I refer to Jake van der Kamp's column ("Five points to ponder … over dinner in a fine restaurant", January 27) and various media reports about the Financial Services Development Council of which I am a member.
I am intrigued by van der Kamp's obsession with fine dining. This reflects perhaps nostalgia for the good old days when he too was a happy stockbroker. Sadly the days of austerity are now upon us. At our first council meeting, there was not a chateaubriand in sight. In fact not even a biscuit.
Van der Kamp suggests the council is not necessary because existing industry players can do the job for themselves of developing and promoting their respective sectors of the financial services industry. This does not seem to be a view shared by the industry. I was a member of the preparatory taskforce which recommended the establishment of the council. We held 12 consultation sessions with a wide range of individuals and financial services industry groups, and there was almost universal support for the concept.
Industry players felt that it would be useful to have an entity which could, among other things, initiate research into developments in financial services, and make pragmatic recommendations on the right balance between proper regulation and new product development. It could also work with academic institutions to ensure the appropriate talent pool is available to support the financial sector and help to co-ordinate the various but separate efforts of a number of government and industry bodies in promoting Hong Kong as an international financial centre, at a time when many other cities have similar bodies pushing their own cause.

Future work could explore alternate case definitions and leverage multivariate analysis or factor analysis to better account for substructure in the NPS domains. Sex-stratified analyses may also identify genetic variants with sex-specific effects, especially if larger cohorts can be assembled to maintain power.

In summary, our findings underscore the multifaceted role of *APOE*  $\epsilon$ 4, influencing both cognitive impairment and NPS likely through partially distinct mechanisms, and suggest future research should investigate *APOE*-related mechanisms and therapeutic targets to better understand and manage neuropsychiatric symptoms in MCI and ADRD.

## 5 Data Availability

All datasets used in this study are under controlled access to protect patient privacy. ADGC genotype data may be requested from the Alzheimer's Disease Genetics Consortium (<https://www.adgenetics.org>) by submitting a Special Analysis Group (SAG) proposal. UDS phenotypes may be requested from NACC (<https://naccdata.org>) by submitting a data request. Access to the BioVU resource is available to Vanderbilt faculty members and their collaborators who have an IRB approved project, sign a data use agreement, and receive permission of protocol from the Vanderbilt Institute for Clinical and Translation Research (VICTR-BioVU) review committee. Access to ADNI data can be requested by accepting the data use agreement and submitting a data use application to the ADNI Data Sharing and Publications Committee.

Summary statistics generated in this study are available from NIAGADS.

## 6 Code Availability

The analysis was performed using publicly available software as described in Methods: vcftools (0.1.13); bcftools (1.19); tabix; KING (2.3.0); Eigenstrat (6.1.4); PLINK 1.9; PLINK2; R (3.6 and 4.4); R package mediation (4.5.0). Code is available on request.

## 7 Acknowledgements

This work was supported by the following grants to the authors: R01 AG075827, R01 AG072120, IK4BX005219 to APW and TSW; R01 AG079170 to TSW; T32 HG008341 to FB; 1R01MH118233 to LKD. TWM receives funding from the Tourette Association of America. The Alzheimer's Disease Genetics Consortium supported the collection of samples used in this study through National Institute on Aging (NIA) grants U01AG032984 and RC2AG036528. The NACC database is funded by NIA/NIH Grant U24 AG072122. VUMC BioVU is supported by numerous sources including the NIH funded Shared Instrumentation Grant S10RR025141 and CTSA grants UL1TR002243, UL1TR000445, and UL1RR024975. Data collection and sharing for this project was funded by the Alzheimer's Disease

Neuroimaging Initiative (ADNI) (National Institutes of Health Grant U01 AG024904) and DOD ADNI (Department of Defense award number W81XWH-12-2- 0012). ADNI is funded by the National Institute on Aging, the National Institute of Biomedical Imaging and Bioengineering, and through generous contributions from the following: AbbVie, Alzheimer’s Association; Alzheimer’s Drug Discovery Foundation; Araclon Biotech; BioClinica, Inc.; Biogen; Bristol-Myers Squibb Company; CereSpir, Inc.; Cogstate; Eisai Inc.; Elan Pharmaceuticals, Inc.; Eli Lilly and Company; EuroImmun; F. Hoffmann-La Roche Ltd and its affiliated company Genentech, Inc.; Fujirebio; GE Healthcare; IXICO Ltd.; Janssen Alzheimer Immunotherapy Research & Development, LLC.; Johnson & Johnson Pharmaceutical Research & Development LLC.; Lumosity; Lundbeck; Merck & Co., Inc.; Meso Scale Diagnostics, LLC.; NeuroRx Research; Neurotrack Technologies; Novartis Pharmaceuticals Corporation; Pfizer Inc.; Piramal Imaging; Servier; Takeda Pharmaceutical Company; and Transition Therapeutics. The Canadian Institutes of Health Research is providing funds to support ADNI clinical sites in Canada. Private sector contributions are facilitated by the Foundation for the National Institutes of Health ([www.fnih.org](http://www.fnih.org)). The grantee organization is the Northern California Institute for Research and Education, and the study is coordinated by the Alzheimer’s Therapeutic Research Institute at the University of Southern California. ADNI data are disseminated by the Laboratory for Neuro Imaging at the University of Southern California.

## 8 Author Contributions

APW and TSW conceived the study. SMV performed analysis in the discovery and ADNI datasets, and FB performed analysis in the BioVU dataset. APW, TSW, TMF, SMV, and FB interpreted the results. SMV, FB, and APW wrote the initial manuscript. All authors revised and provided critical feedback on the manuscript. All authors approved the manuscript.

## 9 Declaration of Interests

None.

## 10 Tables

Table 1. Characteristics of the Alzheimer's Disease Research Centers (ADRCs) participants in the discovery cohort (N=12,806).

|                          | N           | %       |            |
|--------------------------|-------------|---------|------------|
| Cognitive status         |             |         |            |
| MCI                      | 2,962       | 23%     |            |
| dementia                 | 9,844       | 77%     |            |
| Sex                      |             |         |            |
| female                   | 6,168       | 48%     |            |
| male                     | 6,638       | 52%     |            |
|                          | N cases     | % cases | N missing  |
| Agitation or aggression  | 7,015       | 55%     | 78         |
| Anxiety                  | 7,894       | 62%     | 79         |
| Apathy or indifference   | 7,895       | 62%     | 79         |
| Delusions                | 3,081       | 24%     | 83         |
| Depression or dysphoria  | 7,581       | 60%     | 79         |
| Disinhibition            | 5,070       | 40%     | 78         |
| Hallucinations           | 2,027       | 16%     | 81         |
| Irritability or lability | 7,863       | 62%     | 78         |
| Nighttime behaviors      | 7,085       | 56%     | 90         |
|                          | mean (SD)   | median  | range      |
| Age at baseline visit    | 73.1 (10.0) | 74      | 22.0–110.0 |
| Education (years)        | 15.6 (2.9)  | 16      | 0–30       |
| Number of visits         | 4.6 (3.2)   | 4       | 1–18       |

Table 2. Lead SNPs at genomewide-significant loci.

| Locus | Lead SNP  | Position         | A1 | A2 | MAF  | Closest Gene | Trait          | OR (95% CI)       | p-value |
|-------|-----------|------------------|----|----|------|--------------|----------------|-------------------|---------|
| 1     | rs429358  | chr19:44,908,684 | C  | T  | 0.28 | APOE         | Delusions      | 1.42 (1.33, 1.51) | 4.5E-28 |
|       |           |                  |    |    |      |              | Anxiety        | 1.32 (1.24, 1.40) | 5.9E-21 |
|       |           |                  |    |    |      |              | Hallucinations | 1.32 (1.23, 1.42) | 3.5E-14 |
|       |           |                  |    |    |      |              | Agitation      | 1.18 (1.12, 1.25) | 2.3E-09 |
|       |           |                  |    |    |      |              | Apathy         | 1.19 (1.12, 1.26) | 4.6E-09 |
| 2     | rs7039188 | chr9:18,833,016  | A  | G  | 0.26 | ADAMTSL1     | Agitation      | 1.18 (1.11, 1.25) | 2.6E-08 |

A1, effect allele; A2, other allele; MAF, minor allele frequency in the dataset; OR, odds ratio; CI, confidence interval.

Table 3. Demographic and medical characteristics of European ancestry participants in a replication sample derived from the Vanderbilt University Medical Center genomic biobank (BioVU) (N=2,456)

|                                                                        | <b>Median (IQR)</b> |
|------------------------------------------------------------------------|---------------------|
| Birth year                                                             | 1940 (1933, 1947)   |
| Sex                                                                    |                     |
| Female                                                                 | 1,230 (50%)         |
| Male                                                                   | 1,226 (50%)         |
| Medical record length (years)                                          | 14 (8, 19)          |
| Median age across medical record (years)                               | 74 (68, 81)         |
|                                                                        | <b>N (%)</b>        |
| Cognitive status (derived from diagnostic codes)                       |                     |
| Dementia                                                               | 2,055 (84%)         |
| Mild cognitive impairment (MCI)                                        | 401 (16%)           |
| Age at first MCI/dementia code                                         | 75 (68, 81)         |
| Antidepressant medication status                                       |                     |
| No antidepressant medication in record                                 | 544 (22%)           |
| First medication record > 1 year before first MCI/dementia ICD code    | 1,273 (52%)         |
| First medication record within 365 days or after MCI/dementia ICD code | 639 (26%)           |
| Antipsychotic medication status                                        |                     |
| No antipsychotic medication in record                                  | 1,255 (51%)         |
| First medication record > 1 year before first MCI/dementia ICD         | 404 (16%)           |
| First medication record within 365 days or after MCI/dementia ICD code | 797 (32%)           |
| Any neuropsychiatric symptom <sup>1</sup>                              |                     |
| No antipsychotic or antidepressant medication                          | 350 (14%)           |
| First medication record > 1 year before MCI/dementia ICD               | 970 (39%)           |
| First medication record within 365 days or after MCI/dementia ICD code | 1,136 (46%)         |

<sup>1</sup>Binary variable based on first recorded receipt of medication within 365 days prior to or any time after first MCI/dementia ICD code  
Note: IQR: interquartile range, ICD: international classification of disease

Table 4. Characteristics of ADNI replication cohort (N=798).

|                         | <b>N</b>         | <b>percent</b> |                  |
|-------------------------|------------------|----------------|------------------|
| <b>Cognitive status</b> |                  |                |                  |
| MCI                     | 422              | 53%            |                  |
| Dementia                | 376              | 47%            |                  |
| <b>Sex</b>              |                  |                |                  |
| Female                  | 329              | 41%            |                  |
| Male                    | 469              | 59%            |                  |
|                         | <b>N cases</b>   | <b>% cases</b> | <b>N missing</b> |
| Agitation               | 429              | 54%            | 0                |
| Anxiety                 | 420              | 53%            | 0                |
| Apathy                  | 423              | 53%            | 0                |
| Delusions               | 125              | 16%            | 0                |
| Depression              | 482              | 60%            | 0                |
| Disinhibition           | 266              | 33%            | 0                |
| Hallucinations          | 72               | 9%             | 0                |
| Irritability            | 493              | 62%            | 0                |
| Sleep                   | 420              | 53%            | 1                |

In this latter regard, van der Kamp's suggestion that Hong Kong simply waits for mainland China opportunities to be granted is a recipe for mediocrity. Other media commentators have criticised the council for including members from the mainland (although reports that the majority of members are "mainland Chinese heavyweights" are factually incorrect). In my view, given the huge benefit that Hong Kong gains from capital and trade flows into and out of the mainland, it would be irresponsible, even idiotic, not to include mainland Chinese members.
Another report ("Financial council gets Chicago backing", January 30) characterises the council as "beleaguered". You are only beleaguered if you feel beleaguered. We do not. A better adjective would be "indomitable".
So let those lobbing facile criticisms from the sidelines get out of the way and let the members of the council, in their own time, unpaid and unfed, get on with the work.
Alasdair Morrison, The Peak